Let’s get started!
Chapter 4. The Birth of HeLa. 1951.
I have continually been amazed at how many important discoveries and procedures this book details that happened around the same time. In this chapter, we see the beginning of laboratory sterile procedures and I was forced to ask myself…if you knew that a surgery area needed to be sterile, why would a lab be any different?! This chapter also introduces us more formally to George Gey who invented the roller-tube culturing technique. Still, at the end of the chapter I’m left wondering…what was different about Henrietta’s cells that they kept on going when other cells would die? Hopefully, we’ll have that answer soon!
I really appreciate the pacing of this book so far. Chapters are short enough to feel like I’m moving my way through the dense book but also packed full of great info and people. Margaret and George both did so much to further the study of medicine and science and yet…I can’t escape the scandal underneath it all.
– Mallory C
Chapter 5. “Blackness Be Spreadin All Inside.” 1951.
I just can’t believe all the science that was developed at this time.
I was never good at science and I’m not huge on history, but this was very interesting that they were in Pittsburgh at a point in their lives. That’s where I’m from and where I live right now. Having the tubes of radium inside Henrietta and the lead on her body just seems crazy to me. Science is baffling to me right now, especially with the things that are happening with my own body and to read about where they started. It’s interesting that Henrietta was able to have that many children and go through that surgery. I guess it was lucky that Mary was very sterile and was able to keep those samples alive. But baffling, Henrietta didn’t really know that all of that was going on with her samples. Well at the end of this chapter her skin is turning dark so I’m guessing that it’s spreading and side effects are happening, even though they weren’t recorded. There’s still a good amount of the chapters left but I feel like her health is not doing well.
– Jennifer D
Chapter 6. “Lady’s On the Phone.” 1999.
The harassment this family must have seen! To only receive phone calls from white people when someone has questions about the Hela cells…ohhh my. It makes total sense to me that Roland Pattillo chose to act as a gatekeeper of sorts, only allowing Rebecca Skloot access to contact information for Lacks family members after she seemed to satisfy the interview questions he gave and after he gave her a detailed list of “dos” and “don’ts”. The fact that Rebecca was able to speak with Deborah, Henrietta’s daughter and get such great information only to be cut off for almost a year because of lack of trust just serves to emphasize the lack of trust the Lacks family had towards medical questions.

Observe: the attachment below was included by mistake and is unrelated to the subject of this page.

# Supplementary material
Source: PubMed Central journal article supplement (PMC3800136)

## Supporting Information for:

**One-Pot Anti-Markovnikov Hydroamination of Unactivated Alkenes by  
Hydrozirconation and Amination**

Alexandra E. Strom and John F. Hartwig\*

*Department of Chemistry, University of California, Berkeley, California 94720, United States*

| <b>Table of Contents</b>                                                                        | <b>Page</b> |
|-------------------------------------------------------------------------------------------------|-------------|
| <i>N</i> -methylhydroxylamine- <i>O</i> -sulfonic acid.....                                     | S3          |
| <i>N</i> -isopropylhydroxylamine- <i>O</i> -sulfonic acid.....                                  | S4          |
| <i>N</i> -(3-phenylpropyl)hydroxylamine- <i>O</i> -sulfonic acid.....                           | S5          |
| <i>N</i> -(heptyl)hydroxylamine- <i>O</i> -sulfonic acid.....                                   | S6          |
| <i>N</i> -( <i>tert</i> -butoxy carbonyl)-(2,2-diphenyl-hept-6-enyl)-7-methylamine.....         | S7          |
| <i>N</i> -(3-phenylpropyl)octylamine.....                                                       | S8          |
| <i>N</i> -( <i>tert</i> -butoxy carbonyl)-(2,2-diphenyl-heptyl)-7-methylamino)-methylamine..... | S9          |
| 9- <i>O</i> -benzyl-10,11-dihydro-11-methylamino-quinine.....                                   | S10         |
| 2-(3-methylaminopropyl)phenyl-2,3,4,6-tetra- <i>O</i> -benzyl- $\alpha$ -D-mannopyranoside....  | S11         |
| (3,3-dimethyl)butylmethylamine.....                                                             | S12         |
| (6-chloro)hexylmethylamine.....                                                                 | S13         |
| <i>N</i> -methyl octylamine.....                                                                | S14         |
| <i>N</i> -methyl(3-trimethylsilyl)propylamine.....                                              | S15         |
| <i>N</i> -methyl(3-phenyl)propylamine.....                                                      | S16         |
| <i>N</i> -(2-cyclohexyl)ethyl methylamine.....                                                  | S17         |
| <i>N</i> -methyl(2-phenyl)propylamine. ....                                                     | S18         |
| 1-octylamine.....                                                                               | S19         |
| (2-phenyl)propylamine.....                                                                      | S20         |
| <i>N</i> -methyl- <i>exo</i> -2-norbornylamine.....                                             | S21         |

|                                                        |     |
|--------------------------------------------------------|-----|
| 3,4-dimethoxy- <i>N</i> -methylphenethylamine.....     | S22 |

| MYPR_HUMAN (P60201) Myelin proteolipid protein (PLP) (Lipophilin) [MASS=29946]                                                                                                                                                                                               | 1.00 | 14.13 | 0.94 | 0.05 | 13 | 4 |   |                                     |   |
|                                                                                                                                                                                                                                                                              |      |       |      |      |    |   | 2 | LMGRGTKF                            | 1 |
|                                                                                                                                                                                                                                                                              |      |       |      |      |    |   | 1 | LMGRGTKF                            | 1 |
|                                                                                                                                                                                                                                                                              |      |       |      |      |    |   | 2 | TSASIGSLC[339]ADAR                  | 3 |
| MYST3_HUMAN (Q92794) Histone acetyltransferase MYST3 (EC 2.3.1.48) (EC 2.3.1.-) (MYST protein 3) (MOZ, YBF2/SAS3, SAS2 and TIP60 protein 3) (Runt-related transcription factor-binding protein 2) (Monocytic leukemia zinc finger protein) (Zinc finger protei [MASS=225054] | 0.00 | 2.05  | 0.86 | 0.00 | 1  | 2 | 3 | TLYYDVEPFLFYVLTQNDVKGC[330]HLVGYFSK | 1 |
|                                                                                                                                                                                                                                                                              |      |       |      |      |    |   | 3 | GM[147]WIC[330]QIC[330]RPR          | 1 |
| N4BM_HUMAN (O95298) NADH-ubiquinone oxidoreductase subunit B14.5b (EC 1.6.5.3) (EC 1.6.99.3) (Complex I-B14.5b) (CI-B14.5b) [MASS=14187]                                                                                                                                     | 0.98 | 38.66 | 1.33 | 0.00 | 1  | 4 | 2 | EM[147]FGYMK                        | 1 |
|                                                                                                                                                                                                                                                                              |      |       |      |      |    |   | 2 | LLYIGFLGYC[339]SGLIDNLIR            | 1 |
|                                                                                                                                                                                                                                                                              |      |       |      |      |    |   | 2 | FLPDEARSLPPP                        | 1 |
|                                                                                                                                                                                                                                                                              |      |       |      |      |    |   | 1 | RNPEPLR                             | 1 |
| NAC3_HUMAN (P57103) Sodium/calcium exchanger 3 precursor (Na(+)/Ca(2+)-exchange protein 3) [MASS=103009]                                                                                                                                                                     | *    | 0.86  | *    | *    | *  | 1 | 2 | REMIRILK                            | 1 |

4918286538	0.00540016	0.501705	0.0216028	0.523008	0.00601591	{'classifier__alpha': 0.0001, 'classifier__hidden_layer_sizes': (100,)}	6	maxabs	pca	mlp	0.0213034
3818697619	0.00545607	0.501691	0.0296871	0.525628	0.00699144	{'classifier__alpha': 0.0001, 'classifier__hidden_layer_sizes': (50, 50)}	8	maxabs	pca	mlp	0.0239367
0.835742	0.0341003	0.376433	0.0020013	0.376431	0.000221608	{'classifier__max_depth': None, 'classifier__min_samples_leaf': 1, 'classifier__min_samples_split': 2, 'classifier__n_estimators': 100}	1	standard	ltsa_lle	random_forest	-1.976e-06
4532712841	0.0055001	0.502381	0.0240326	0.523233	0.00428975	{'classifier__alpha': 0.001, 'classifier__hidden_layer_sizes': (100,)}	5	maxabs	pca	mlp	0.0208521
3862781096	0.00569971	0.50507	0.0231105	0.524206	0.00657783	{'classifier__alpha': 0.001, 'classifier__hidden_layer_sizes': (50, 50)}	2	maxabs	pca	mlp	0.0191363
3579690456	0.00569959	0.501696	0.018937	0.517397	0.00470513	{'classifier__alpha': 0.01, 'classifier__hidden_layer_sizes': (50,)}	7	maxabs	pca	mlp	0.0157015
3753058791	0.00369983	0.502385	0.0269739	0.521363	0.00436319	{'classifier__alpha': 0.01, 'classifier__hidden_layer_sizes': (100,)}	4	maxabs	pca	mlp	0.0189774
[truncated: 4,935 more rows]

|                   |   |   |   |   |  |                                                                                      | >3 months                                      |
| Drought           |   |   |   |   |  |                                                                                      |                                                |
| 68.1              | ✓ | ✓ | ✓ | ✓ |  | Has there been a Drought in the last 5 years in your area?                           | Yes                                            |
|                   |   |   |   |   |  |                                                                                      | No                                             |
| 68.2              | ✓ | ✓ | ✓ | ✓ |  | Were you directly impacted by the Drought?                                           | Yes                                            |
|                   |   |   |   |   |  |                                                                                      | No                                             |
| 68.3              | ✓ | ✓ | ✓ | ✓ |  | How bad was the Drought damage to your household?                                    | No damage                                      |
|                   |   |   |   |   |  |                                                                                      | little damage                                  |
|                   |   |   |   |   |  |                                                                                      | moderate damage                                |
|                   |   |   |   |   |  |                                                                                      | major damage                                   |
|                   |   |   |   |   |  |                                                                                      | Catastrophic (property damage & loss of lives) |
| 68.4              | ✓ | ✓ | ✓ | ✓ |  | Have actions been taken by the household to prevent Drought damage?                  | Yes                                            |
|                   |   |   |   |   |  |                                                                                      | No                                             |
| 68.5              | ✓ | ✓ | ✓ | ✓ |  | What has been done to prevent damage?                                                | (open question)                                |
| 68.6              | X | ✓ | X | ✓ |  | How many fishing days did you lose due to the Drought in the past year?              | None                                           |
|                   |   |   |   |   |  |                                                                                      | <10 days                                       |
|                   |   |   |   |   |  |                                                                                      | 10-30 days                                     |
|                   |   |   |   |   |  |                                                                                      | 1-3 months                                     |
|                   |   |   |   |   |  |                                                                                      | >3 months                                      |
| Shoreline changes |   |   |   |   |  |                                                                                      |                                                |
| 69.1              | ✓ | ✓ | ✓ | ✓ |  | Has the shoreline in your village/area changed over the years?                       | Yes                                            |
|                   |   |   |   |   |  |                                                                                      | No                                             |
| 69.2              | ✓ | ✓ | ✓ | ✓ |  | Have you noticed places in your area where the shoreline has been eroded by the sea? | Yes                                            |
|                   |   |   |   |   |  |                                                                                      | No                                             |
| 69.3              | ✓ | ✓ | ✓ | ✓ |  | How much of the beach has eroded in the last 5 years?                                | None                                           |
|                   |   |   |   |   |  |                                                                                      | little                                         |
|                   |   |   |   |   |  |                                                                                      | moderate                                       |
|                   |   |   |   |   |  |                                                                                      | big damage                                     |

– Mallory C
In chapter 6, with the help of Patillo, the organizer for “The HeLa Cancer Control Symposium” in Atlanta, Rebecca is finally able to contact members of Henrietta’s family. First, she calls and talks to Henrietta’s only living daughter, Deborah, who is recovering from a stroke brought about (Deborah believes) from all the stress relating to the recent swarm of interest in her mother’s cells. During their first talk, Deborah surprises Rebecca by being excited to hear about Rebecca’s mission to write a book about her mother: this is thrilling to Deborah since she sees it as a chance to learn more about a mother she never knew. When Rebecca calls back to follow up on this first talk, however, Deborah is much less enthusiastic about the project. She sounds sedated and refuses to cooperate with any more interviews: Rebecca must contact her father or brothers if she wants to learn more. This leads Rebecca to contact David, Henrietta’s octogenarian widower, but in their brief exchange, he misunderstands her. After expressing irritation with people like Rebecca who keep pursuing him to learn more about his wife, he hangs up.
This chapter reveals Rebecca’s passion for Henrietta’s story deepening as she makes the first contact with Henrietta’s heirs. It also demonstrates the challenges she will face as she pursues the story. How can she convey her good intentions to the family of Henrietta and not seem like one more white person trying to cash in on the miracle of Henrietta’s cells? Rebecca’s motives appear sincere: she wants to write the book, after all, to honor Henrietta’s life and bring rightful attention to a woman whose cells have been such a benefit to science and humanity. At the same time, Rebecca’s decision to insert herself into the book about Henrietta feels problematic to me, even self-serving. Wouldn’t there be a way to write this book where the journalist narrator is not so obtrusive as a character? At this point in the story, I can definitely understand the Lacks family’s resistance to and suspicion of Skloot. Just like with them, she needs to do more to win over my trust that her intentions in telling this story are truly selfless and for the benefit of the Lacks family instead of her own.
Thanks for joining us for Chapters 4-6 of The Immortal Life of Henrietta Lacks by Rebecca Skloot! Join in next Monday for Chapters 7-9.
If you’re just joining us, here are some logistics:
We will talk about several chapters each Monday until the book is done (probably about three chapters since the book has so many). Then, we’ll use one more Monday to talk about general feelings from the book and anything else you’d like to discuss. Join in, in the comments every week! At the end, we’ll have a book club discussion via video chat! Also, there will probably be spoilers. Read along with us!
How are you enjoying our young adult cancer book club?